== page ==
Rail fares to increase by maximum of 3.2% next year


Rail passengers will see the price of regulated fares go up by a maximum of 3.2% next year.

July’s Retail Price Index (RPI) – the rate of inflation which is used to set ticket prices – was down on June’s 3.4% figure, the Office for National Statistics said. Economists were expecting it to stay the same.

This affects about 40% of fares, including season tickets on most commuter routes, some off-peak return tickets on long-distance journeys and anytime tickets around major cities.

Many long-distance commuters will see the annual cost of getting to work increase by more than £150 as a result.

A 3.2% rise will see annual tickets from Brighton to London go up to £4,846 a year (an increase of £150), Gloucester to Birmingham increase to £4,239 (a rise of £131) and Liverpool to Manchester rise to £3,253 (a jump of £101).

The July RPI measure of inflation is used by the government to calculate the maximum annual increase in rail fares.

This January, regulated fares rose by 3.3% – following the July 2017 RPI figure of 3.6%.

Meanwhile, the Consumer Prices Index (CPI) measure of inflation rose to 2.5% in July, up from 2.4% in June, the ONS said.

Transport Secretary Chris Grayling has said he wants to move the industry away from basing fare rises and wages on RPI, using the CPI measure instead.

But unions are opposed to the proposal and have accused the minister of trying to cap pay rises in the process.

Labour leader Jeremy Corbyn described any increase in regulated fares as “an insult to everyone who has suffered from the chaos on Britain’s railways”.

Thousands of passengers are still waiting to receive enhanced compensation following widespread cancellations and delays to rail services in the north of England and in London after the introduction of a new timetable in May.

Pressure group Railfuture claimed train passengers are being treated like “second-class citizens compared to motorists”.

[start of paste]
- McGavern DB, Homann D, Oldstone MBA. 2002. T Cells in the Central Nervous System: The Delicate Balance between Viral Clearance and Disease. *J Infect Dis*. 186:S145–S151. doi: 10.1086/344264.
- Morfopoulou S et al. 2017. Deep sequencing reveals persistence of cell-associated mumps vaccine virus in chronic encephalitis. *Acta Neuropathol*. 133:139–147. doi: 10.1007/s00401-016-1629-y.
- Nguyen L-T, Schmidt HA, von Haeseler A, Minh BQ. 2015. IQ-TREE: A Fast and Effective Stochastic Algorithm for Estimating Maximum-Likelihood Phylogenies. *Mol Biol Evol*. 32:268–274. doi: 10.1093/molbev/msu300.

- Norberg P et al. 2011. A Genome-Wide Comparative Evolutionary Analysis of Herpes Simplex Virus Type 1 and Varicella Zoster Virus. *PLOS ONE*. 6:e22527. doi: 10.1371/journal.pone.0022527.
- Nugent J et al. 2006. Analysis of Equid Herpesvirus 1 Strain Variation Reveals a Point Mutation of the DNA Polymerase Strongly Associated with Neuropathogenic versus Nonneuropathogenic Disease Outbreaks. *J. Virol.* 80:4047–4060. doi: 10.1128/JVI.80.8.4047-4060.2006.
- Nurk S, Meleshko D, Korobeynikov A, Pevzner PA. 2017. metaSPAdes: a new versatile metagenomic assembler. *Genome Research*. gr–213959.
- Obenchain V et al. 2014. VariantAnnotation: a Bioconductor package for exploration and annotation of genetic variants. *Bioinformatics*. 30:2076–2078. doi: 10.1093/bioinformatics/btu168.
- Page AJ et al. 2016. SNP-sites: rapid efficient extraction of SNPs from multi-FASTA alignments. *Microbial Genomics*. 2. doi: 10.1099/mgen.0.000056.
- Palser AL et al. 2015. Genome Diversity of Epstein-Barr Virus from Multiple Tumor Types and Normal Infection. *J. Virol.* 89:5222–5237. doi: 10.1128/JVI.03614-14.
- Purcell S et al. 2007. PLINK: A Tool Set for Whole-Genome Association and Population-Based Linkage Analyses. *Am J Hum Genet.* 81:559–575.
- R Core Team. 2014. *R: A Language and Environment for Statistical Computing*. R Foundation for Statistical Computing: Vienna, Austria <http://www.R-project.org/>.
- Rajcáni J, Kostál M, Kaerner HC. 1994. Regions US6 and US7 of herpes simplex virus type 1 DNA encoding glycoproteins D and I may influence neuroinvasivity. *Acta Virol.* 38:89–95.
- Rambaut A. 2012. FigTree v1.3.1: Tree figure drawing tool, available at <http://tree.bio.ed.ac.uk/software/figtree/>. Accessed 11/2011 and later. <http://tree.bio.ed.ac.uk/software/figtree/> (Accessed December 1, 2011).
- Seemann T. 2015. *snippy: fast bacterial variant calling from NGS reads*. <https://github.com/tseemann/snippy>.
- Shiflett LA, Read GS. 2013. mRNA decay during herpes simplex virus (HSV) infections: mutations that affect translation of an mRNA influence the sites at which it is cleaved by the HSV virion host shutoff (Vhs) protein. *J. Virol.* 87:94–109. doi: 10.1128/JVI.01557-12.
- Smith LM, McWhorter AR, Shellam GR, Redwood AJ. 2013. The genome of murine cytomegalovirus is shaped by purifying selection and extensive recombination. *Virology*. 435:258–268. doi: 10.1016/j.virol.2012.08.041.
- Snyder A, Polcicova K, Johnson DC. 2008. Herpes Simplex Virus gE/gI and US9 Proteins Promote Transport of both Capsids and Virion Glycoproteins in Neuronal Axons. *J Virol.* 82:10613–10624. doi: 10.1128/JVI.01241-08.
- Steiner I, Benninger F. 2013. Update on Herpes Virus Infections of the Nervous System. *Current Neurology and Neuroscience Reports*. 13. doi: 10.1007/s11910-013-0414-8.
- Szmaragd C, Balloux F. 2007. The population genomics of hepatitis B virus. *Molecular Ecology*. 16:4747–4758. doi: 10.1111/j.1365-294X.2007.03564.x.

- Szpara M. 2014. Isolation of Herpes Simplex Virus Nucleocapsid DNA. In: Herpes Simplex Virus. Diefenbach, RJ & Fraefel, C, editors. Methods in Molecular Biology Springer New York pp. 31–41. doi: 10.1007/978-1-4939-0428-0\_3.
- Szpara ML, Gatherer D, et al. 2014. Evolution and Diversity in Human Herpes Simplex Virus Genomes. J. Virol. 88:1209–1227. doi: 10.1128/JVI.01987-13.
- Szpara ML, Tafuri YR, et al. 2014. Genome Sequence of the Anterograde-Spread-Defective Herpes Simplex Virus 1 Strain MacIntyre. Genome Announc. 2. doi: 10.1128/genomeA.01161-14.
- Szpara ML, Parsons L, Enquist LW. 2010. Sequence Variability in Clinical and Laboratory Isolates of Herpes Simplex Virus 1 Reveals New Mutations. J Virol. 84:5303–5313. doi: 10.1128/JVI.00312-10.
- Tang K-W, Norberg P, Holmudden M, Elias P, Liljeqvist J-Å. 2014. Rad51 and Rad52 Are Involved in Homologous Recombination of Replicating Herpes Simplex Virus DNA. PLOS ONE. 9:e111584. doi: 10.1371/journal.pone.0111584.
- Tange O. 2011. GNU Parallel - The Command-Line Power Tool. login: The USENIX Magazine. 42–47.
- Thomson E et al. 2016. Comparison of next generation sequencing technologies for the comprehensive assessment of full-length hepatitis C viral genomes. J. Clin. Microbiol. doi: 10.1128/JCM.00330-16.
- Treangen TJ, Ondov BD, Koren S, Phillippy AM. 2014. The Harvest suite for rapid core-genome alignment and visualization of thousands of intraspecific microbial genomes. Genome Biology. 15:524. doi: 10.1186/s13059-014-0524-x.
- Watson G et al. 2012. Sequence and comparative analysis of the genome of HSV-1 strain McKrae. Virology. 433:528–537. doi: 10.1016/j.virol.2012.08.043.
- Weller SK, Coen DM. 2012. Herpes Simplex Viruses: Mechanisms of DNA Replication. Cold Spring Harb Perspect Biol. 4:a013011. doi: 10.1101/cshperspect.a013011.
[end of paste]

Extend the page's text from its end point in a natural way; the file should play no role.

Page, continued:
Spokesman Bruce Williamson said: “We’ll easily have the most expensive fares in Europe, yet the government continues to freeze fuel duty for motorists. Why the double standard?”

Paul Plummer, chief executive of the Rail Delivery Group, which represents the railway, said: “Fares are underpinning a once-in-a-generation investment plan to improve the railway and politicians effectively determine that season ticket prices should change in line with other day-to-day costs to help fund this.

“While the industry is learning lessons from the recent timetable change, major improvements have been delivered this year from upgraded stations at London Bridge and Liverpool Lime Street to new trains in the South West and Scotland, and more will be delivered in the next year.”

CPI was up partly due to higher transport and fuel costs, as well as what the ONS described as “erratic computer game prices” – adding to the squeeze on households as pay growth remains static.

Sterling was broadly flat against the dollar and euro following the release of the inflation data, holding steady at 1.27 US dollars and 1.12 euros.

At the pump, the ONS said petrol prices fell by 0.8p month-on-month to 127.2p per litre, while diesel prices dropped by 0.5p to 131.6p per litre.

Clothing and footwear prices fell by 0.4% year-on-year, coinciding with the summer sales period on the high street, but households were hit by an increase in food and non-alcoholic drink prices, which rose by 2.3%.

More from Business

Earlier this month, the Bank of England (BoE) raised interest rates above their crisis lows for the first time in nearly a decade.

However, BoE Governor Mark Carney warned monetary policy changes need to “walk not run” – suggesting the cost of borrowing will not rise sharply over the next few years.

From – SkyNews


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